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IMPD program paints catalytic converters to deter thefts

The painting will take place from 10 a.m. to 2 p.m. at Take 5 Oil Change at 3640 S. East Street.

INDIANAPOLIS — Police in Indianapolis have a new program aimed at deterring catalytic converter thieves.

With the increase in converter thefts, IMPD is hoping a little spray paint and a special PIN will help save local drivers a lot of headaches and a lot of money.

"If you can't sell it, there's no point in stealing it," said IMPD Capt. Steven Ferklic.

A long line of cars wrapped around the Take 5 Oil Change on South East Street in Indianapolis Wednesday because drivers are trying to prevent more catalytic converter thefts from happening.

"I just don't want to be a victim of one of them, where they snatch the converter and I go out to my car and lost," said Lashelle Turner.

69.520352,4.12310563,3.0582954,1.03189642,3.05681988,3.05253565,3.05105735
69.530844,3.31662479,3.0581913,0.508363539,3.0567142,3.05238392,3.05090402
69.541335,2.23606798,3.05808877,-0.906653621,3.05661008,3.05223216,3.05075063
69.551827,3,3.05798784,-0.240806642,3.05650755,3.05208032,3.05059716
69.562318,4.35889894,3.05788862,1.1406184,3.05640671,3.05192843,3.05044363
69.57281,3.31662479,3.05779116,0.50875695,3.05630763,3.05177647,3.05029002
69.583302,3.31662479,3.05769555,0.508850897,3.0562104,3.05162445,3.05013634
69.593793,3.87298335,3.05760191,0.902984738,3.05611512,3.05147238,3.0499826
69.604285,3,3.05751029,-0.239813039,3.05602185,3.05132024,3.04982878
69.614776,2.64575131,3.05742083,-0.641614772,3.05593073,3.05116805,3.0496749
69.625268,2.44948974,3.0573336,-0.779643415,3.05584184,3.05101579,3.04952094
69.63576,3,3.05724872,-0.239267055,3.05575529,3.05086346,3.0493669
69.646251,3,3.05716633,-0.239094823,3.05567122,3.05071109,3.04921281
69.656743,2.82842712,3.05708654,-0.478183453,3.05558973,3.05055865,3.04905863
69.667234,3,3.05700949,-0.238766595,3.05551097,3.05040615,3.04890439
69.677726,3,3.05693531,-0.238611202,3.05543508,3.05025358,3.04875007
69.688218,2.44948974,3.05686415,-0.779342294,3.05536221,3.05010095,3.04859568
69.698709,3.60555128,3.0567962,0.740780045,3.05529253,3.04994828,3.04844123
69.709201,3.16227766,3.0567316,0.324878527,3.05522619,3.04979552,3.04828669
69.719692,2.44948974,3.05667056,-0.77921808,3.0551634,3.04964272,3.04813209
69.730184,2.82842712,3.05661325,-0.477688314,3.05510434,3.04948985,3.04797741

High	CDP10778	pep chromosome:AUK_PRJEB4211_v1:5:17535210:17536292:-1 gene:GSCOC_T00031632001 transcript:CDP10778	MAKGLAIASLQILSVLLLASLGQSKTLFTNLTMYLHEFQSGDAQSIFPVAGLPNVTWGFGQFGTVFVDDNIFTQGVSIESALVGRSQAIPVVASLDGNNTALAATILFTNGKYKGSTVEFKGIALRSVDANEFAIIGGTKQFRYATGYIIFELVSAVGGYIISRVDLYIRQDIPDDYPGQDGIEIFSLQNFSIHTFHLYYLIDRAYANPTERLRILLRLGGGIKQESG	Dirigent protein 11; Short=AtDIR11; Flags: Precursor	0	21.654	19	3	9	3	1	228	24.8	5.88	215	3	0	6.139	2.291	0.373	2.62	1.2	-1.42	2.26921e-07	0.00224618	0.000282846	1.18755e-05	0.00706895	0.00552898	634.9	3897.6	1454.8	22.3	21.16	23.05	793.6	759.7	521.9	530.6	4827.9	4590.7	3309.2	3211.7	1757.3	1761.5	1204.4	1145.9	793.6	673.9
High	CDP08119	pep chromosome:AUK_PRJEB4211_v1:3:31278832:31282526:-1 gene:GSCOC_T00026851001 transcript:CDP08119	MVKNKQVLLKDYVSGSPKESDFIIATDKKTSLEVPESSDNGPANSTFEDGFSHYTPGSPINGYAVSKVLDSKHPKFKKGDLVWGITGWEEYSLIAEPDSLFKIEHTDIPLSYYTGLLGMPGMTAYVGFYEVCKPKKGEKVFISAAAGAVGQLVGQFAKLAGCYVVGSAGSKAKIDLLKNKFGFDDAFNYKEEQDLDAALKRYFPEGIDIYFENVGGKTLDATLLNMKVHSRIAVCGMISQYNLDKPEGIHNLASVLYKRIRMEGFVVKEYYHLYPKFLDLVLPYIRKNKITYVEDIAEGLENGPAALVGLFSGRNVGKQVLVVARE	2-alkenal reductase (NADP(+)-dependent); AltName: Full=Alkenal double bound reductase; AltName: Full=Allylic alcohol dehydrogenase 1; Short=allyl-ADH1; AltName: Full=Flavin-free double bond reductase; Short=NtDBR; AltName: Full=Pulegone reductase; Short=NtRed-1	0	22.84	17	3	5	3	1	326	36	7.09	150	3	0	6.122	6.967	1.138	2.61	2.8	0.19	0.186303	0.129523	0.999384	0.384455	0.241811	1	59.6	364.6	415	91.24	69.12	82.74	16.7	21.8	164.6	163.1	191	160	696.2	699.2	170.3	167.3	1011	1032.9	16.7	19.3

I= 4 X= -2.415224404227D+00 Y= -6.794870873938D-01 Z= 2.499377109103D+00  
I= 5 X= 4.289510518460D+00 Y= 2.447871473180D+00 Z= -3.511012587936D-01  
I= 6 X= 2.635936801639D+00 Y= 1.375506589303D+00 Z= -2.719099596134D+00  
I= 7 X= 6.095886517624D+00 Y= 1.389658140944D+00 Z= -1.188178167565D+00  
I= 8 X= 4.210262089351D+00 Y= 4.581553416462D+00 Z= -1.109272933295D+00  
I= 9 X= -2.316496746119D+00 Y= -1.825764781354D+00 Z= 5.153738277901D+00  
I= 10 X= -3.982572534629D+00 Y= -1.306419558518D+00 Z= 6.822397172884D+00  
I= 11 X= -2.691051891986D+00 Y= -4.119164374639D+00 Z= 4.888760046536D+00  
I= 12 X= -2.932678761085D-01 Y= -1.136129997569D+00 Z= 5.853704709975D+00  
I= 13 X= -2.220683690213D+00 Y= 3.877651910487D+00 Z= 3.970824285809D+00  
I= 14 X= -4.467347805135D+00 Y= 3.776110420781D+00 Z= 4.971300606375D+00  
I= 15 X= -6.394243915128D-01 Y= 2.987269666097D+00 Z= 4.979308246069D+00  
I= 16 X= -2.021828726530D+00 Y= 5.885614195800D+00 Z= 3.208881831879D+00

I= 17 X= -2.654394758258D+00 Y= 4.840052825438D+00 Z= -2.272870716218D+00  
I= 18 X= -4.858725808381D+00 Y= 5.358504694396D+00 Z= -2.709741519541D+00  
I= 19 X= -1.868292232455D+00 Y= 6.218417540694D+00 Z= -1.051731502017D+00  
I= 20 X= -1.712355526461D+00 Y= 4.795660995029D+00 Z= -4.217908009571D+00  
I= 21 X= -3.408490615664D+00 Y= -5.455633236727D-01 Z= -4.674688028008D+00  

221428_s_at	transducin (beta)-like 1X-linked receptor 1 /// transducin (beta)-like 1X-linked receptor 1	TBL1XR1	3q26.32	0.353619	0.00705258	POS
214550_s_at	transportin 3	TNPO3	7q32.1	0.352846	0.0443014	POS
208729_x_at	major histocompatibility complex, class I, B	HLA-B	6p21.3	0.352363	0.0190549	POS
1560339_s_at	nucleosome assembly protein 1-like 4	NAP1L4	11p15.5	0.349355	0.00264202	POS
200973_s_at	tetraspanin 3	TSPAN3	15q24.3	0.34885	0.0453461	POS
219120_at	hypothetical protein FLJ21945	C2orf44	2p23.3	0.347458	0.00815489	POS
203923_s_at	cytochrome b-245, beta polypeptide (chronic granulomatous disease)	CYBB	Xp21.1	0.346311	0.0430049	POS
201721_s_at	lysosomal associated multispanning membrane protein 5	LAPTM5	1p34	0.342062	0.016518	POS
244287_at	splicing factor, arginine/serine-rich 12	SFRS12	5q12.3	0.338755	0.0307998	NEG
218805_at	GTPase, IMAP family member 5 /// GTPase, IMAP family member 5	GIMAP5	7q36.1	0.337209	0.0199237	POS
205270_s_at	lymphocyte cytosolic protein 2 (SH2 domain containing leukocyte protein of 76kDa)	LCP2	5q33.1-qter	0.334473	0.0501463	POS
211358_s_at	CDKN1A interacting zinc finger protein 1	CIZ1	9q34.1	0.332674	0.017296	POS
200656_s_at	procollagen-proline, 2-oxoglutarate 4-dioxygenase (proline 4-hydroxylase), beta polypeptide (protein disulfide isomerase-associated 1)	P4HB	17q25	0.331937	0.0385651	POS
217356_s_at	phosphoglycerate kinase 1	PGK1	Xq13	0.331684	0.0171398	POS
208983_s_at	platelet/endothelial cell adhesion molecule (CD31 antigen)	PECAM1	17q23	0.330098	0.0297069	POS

IMPD's "Paint and Protect" program is creating a new method to cut down on catalytic converter thefts. They use bright, high-temperature spray paint and a marker to tag the catalytic converter, hoping the bright distraction will deter thieves. The vehicle's license plate number is also etched into the part as a further deterrent.

Credit: WTHR
A technician paints a catalytic converter as part of IMPD's "Paint and Protect" program.

Catalytic converter thefts are on the rise over the past few years. In 2019, roughly 3,300 converter thefts were reported across the country. That number skyrocketed to 14,000 thefts in 2020.

Danielle Flatau had a catalytic converter stolen from her. She said this is an important step in fighting back from it from happening again.

"These people are taking people's livelihood when they are taking people's transportation from them," she said.

IMPD hopes this will make thieves think twice or make it harder for them to sell the converters.

Credit: WTHR
Take 5 Oil Change on South East Street hosted Wednesday's "Paint and Protect" program.

"Hopefully it will put a little fear in some of those who have the idea and mindset of wanting to commit crimes. Maybe it will divert their attention to something positive," said Turner. 

IMPD said they hope to host another "Paint and Protect" event in the near future. The process took just a few minutes for each vehicle and was free of charge.

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